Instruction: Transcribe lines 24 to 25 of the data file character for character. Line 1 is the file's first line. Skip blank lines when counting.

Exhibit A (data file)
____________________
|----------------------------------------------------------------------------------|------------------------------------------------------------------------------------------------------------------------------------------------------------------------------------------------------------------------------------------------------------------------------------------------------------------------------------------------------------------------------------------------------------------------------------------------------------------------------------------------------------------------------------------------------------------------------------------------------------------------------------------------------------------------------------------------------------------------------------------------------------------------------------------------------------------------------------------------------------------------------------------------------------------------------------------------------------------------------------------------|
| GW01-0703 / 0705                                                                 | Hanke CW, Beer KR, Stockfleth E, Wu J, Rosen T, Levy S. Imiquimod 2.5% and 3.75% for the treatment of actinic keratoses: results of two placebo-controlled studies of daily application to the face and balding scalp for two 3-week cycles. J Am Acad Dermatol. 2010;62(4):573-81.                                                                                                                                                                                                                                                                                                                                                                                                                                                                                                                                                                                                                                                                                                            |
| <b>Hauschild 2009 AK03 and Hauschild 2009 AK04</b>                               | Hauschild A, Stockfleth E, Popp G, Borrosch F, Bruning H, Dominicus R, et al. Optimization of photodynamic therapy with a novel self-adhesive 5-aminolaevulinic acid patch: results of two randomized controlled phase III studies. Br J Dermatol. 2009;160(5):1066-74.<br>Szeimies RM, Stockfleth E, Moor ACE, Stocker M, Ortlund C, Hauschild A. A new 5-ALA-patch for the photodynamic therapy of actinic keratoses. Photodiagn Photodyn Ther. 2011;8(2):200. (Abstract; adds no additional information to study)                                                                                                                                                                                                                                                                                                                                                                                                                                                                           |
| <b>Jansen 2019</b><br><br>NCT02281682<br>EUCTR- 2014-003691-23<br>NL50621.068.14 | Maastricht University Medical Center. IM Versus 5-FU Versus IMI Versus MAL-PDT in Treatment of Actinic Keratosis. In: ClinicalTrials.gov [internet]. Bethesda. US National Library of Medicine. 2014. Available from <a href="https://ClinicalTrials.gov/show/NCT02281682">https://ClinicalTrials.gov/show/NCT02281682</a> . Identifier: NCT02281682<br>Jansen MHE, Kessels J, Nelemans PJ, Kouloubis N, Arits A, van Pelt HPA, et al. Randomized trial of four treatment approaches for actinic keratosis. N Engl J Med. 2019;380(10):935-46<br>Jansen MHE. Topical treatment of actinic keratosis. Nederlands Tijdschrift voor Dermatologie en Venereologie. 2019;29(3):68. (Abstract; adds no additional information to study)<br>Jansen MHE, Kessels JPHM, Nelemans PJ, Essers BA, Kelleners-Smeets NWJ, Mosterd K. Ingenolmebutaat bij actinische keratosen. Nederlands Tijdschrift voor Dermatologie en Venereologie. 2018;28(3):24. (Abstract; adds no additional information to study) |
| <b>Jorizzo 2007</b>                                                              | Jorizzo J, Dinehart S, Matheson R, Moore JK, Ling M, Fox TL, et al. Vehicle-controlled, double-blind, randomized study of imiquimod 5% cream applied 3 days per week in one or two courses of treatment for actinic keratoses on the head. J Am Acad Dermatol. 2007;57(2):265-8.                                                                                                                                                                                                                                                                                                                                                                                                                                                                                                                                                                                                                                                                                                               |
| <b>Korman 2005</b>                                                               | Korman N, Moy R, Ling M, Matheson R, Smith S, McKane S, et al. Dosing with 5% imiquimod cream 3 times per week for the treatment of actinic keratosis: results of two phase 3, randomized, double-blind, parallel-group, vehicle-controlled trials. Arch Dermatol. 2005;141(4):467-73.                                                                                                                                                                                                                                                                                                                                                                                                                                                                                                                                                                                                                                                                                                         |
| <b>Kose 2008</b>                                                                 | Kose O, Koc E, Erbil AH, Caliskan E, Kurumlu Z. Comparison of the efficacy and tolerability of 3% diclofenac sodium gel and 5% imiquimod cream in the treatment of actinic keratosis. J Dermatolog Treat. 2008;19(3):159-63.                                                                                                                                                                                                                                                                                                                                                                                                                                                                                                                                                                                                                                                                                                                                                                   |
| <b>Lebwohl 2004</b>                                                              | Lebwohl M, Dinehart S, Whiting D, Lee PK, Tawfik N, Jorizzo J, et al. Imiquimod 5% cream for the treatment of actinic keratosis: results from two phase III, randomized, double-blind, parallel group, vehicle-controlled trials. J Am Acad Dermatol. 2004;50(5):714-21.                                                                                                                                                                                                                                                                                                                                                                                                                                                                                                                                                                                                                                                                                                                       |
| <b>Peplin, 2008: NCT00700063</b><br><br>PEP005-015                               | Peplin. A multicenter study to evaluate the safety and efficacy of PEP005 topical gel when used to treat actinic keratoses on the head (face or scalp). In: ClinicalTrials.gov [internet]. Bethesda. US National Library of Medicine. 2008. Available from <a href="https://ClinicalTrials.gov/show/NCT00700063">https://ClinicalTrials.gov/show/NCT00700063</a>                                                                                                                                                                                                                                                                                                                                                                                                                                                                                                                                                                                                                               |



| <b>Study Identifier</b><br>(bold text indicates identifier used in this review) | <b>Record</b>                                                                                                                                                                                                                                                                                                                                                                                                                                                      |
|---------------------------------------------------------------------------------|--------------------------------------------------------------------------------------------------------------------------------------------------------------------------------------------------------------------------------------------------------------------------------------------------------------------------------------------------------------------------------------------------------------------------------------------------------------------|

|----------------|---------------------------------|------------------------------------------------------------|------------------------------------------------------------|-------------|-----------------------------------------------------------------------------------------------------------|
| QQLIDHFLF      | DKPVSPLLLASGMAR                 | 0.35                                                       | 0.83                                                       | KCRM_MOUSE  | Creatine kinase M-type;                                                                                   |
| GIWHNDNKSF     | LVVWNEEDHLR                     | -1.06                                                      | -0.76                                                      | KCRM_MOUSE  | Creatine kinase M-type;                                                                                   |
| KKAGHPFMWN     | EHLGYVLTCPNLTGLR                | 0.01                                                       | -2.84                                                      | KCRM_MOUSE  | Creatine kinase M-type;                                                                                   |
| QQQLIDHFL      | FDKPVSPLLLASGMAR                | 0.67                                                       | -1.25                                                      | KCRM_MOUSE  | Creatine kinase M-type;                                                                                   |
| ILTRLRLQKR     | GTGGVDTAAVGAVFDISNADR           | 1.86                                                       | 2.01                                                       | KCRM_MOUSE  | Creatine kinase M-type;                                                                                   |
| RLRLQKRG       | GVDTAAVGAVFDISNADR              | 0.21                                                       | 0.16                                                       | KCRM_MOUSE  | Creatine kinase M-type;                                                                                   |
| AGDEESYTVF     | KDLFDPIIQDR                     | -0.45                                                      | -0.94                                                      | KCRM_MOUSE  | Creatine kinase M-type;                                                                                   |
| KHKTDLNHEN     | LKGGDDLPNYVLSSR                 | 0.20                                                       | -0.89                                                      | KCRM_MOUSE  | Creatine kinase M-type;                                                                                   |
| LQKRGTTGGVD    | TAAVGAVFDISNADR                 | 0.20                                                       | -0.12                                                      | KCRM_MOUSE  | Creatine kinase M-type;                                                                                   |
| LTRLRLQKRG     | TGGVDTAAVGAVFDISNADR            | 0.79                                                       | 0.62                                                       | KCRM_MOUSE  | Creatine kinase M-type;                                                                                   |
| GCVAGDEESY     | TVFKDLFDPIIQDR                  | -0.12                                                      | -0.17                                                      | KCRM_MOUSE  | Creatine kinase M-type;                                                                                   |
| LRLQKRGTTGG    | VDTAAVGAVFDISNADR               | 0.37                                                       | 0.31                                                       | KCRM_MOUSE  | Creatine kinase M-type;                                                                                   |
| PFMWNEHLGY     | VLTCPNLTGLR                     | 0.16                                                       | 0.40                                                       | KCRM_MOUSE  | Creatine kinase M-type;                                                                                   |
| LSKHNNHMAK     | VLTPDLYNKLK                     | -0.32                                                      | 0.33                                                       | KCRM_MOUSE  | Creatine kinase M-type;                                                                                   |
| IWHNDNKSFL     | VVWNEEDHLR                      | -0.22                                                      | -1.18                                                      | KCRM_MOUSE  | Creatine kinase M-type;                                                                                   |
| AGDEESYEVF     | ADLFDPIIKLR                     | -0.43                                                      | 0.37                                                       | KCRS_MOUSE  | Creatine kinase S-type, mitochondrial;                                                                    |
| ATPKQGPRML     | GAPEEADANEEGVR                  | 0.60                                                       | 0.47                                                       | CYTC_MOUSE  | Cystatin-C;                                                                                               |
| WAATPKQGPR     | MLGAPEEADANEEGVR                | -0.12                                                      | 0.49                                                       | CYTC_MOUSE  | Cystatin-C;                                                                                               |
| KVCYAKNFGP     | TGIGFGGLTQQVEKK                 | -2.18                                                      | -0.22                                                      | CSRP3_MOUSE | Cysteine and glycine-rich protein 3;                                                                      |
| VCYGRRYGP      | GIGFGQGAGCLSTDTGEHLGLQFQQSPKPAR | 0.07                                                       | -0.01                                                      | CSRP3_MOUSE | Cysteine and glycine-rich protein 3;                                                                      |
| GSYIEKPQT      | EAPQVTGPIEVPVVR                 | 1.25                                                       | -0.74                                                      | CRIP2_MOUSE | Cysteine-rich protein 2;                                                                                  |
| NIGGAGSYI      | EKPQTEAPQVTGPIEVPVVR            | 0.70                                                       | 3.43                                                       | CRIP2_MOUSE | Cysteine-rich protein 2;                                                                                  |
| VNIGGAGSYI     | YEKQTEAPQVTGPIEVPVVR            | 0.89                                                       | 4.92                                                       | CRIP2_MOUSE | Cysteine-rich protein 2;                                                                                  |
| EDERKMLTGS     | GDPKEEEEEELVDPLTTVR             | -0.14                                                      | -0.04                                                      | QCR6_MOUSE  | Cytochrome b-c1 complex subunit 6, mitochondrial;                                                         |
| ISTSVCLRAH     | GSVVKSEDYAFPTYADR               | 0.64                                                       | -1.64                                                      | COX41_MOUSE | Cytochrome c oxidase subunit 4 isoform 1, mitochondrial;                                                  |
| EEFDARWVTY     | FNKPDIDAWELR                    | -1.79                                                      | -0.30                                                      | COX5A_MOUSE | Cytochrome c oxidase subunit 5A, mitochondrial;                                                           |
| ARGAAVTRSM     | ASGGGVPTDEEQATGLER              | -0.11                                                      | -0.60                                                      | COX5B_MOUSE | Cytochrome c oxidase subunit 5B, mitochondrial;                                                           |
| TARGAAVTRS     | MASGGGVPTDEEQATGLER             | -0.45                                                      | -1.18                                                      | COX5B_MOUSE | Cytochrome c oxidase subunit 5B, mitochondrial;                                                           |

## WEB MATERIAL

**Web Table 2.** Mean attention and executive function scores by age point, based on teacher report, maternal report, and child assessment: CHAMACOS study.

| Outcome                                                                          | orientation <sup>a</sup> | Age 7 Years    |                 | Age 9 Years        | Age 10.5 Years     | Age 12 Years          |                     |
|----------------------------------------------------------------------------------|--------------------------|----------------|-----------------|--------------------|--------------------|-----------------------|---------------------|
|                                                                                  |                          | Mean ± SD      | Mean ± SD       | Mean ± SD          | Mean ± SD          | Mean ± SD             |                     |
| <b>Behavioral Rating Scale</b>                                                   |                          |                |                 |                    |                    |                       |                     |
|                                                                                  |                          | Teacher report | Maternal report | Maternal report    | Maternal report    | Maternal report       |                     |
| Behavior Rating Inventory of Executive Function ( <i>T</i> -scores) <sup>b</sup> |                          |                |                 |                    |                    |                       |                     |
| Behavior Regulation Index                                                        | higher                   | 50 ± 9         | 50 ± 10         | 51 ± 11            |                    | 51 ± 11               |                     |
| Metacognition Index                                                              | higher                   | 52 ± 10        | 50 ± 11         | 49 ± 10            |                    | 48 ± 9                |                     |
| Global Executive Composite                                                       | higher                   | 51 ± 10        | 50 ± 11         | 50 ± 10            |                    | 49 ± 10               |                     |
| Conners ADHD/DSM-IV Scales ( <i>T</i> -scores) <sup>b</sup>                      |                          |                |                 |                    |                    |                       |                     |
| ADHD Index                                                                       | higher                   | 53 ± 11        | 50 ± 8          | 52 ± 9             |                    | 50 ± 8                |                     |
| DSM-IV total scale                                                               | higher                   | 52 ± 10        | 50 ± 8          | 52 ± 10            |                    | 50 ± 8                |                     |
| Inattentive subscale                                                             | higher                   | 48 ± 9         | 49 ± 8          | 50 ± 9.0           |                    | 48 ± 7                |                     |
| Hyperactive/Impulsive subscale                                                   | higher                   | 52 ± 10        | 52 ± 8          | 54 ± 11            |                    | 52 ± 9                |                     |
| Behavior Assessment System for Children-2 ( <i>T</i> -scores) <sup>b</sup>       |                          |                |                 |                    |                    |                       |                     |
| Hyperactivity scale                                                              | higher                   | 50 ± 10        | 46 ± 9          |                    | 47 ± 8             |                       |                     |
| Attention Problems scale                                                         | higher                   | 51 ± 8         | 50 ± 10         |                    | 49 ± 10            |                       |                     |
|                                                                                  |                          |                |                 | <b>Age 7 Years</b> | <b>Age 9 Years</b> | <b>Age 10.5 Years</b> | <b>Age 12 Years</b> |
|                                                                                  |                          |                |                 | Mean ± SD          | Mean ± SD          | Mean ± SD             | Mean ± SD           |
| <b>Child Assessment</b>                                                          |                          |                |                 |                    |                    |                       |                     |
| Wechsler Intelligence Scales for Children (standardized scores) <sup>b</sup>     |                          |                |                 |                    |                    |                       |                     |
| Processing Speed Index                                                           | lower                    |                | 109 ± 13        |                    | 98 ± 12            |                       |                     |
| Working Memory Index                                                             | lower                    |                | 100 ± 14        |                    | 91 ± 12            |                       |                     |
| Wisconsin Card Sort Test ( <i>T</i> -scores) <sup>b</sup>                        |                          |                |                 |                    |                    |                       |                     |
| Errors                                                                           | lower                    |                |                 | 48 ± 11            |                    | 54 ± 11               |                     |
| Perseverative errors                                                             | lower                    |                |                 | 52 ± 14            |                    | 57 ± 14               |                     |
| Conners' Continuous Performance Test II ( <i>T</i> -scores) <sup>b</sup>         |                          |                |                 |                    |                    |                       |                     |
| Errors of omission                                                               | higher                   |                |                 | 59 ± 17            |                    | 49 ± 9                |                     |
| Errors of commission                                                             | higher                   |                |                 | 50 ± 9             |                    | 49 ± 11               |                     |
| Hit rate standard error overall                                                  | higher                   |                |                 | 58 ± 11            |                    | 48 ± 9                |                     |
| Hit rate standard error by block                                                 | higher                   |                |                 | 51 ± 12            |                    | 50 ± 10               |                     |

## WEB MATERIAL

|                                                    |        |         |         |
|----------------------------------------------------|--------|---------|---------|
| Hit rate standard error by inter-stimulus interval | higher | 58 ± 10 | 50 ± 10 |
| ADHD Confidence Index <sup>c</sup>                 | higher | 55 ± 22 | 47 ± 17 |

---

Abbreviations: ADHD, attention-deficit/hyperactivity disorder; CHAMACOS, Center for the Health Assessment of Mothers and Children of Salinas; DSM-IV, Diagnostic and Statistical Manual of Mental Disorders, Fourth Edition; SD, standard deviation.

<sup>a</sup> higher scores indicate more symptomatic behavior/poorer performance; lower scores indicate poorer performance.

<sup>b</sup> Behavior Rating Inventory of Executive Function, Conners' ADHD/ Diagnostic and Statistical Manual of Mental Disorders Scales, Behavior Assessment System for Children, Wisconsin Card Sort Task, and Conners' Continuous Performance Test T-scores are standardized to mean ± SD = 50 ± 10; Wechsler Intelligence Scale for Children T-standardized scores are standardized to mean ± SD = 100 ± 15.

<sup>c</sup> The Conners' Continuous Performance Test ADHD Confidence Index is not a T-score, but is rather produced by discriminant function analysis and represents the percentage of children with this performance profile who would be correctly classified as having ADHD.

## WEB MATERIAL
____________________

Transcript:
| LRLQKRGTTGG    | VDTAAVGAVFDISNADR               | 0.37                                                       | 0.31                                                       | KCRM_MOUSE  | Creatine kinase M-type;                                                                                   |
| PFMWNEHLGY     | VLTCPNLTGLR                     | 0.16                                                       | 0.40                                                       | KCRM_MOUSE  | Creatine kinase M-type;                                                                                   |